When we were younger, we were often told to go and play in the backyard and entertain ourselves; as we have grown up, we have become more acutely involved in our child’s lives. We want to provide them with the best start we can and support them in their learning. One misconception when it comes to giving them the best start is that we have to schedule everything, when in fact, unstructured play (like those times we were told to go outside) is one of the most beneficial ways to help your child develop. While young children require more supervision, it doesn’t mean that we can’t encourage our children to play outside and make up their own games.
What is Unstructured Play?
The most common definition of unstructured play is that it is improvised and child-led. Unstructured play allows children the freedom to explore, create, experiment and discover new things in the world around them. It supports their curiosity and helps them make sense of their surroundings. At Child’s Play, our curriculum and environment supports unstructured play as we believe it creates the best life-long learners.
9 Benefits to Unstructured Play
There are many benefits to unstructured play; here are just a few:
With the freedom to play, your child will become more creative and begin to think outside of the box. It might get messy, but they will begin to use their imagination to create their own games and visualise stories, using their imagination.
In their own games and unstructured play, children will face challenges like who should take the first turn, and it is in these scenarios where they begin to establish rules and work through everyday problems. Problem-solving is a key skill that helps develop critical thinking and improve cognitive development in children.
One of the biggest things unstructured play promotes is teamwork and communication. Your child’s play will develop scenarios where your child will learn how to ask questions, listen and share their experiences. But more importantly, it will encourage your child to make friends with other children.
In structured activities, your child is exposed to skills and processes that will help them develop. In unstructured play, your child has the opportunity to master those skills and further improve their development.
Builds Motor Function
Children have lots of energy, but they also require lots more movement time than adults to develop motor skills such as walking, grabbing a water bottle, bouncing a ball and holding a pen. Unstructured play gives them the freedom to develop these skills and understand their movements. It also reduces the likelihood of childhood obesity and improves cardiovascular health.
Unstructured play provides your child with challenges where they can push themselves and learn how to control motor functions. Behind the scenes, these activities also help your child develop self-confidence and determination to keep trying. It improves their emotional state by allowing them to learn how to self-regulate their responses and associate certain challenges with positive interactions and experiences.
Things won’t always go the way your child would want them to, but unstructured play provides them with a space to experience this feeling in a safe and comforted environment. Things not working out allows your child to develop resilience and promotes perseverance and problem-solving.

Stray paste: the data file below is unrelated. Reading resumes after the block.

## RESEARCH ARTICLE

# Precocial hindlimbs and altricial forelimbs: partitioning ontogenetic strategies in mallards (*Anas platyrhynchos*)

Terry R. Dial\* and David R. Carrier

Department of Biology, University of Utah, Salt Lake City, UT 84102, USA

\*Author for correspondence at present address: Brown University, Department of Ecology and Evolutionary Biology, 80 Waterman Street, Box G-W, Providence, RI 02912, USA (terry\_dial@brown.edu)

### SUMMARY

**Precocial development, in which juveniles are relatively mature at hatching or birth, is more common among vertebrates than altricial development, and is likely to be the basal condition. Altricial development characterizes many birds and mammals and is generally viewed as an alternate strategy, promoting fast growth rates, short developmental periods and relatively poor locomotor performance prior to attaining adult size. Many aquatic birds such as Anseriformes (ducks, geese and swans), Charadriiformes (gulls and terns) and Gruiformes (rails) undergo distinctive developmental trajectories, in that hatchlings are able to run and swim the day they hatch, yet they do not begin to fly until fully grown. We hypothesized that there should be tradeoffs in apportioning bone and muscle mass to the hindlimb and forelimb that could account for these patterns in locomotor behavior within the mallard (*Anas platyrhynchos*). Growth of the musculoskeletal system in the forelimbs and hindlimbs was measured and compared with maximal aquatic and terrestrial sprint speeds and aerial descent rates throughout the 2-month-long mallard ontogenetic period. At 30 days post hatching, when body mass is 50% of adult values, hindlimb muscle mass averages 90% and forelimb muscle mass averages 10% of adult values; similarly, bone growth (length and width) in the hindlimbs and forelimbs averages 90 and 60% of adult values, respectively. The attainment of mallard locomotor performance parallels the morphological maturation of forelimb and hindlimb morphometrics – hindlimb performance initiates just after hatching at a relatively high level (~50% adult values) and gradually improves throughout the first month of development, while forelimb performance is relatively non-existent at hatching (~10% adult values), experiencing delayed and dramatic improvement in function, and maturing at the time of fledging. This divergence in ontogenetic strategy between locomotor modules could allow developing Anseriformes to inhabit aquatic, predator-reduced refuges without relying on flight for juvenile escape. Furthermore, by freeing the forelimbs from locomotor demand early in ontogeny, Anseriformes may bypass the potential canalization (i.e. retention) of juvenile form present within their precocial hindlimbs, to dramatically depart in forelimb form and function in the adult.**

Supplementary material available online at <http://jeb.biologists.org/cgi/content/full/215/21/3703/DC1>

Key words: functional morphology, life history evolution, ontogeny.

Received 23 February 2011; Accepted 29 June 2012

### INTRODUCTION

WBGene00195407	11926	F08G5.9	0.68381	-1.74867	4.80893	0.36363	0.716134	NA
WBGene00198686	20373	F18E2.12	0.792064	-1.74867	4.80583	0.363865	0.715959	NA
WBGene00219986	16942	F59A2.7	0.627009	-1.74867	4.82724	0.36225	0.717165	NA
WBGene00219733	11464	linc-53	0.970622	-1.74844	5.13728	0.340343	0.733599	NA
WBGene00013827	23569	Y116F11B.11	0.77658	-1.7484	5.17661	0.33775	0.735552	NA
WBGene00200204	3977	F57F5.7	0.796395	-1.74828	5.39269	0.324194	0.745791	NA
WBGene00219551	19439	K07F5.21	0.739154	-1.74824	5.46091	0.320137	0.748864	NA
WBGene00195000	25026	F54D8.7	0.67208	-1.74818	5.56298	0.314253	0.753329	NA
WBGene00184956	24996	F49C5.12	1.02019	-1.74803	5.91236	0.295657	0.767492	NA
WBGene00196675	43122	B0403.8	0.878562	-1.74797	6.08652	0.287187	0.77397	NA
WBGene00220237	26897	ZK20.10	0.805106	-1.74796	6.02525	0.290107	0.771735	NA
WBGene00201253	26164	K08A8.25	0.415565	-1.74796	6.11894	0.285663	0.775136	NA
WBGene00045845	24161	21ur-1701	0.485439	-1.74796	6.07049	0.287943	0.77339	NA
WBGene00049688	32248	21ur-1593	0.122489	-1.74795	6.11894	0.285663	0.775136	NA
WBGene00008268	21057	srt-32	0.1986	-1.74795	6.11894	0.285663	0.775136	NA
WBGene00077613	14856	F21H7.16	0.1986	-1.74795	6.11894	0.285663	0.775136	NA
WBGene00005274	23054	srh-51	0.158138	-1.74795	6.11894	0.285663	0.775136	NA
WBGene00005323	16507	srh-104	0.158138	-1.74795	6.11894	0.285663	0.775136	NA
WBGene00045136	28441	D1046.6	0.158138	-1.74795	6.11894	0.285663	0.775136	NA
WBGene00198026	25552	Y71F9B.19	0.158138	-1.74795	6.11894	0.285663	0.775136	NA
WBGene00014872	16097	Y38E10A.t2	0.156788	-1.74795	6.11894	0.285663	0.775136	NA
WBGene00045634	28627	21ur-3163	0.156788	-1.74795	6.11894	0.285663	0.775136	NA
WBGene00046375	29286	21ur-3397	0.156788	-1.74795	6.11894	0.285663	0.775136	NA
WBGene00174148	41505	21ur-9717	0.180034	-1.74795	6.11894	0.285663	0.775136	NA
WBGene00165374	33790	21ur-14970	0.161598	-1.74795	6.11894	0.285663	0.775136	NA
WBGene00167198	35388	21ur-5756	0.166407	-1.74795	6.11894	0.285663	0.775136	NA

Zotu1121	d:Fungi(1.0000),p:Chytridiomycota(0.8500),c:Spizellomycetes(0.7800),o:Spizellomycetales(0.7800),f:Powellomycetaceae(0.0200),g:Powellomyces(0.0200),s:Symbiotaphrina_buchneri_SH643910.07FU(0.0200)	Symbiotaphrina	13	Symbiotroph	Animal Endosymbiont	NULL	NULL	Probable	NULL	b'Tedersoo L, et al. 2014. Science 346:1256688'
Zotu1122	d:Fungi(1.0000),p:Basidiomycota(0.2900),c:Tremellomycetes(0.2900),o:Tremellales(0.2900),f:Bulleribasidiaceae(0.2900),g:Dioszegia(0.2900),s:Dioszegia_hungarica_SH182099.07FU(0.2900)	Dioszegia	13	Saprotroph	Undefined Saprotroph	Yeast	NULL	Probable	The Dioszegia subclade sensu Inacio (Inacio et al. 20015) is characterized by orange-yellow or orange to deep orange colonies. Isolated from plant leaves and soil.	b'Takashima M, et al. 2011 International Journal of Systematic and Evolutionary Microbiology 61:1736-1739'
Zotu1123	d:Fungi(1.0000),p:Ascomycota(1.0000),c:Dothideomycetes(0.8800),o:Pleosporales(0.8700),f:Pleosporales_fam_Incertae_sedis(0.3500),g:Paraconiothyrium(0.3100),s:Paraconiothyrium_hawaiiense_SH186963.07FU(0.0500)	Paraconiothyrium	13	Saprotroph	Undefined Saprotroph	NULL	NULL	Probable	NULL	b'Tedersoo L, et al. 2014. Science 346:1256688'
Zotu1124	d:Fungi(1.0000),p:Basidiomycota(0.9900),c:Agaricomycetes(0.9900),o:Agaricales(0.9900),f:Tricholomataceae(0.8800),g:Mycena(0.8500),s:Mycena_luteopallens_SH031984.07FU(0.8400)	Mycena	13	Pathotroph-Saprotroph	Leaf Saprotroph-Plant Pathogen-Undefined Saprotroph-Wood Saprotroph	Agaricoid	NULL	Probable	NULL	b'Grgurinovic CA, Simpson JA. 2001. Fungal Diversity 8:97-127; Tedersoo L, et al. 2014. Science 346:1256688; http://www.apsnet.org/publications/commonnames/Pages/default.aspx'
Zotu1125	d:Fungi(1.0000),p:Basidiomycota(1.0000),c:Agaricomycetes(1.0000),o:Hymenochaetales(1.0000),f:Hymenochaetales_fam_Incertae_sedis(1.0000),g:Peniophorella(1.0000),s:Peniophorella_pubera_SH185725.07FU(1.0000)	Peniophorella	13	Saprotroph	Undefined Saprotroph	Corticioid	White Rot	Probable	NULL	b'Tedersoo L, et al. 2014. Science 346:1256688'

Develops Negotiation and Decision Making Skills
As mentioned above, unstructured play generally encourages teamwork. Within a team or small group, your child will learn how to negotiate to get what they want, make compromises and develop decision-making skills that will assist them in structured play. These skills are important as they also assist in emotional development and cognitive reasoning to help your child develop an awareness of other people’s feelings.
Unstructured play promotes imagination, and after a few tries at it, it will eliminate your child’s feelings of boredom. This is because unstructured play acts as a vehicle for enhancing inventiveness, imagination and improving your child’s happiness through play.
The Biggest Challenge
One of the biggest challenges as to why many parents don’t prioritise unstructured play is because they have a busy family life, so there is not much free time. They may have more than one child, multiple extracurricular activities or be working full time. Often the result of this is that they try and make a routine for everything and forget that children are curious and often won’t stick to a rigorous day of routine.
How can we encourage unstructured play?
Breaking routines and cutting back on activities can seem daunting and may give you some FOMO but here are just a few ways we can encourage unstructured play with our children.
Hint: it’s even better if you get involved with them too.
- Get outside and explore new environments.
- Limit screen time.
- Have a box full of odd things that they can make stuff out of when they get bored.
- Let them get messy.
- Let them take some tumbles.
- Say yes to the likes of cooking, jumping in puddles and making daisy chains.
- Invite friends for a play date.
How can Child’s Play help?
We provide your children with an indoor-outdoor environment that research shows assists in unstructured play. Our educators are well-versed in participating and supervising unstructured play and can give you some helpful hints and tips. We are community-driven early childhood education centres, and we want to make sure you make the most of your free time. If you have any questions on unstructured play, don’t hesitate to get in touch with our team.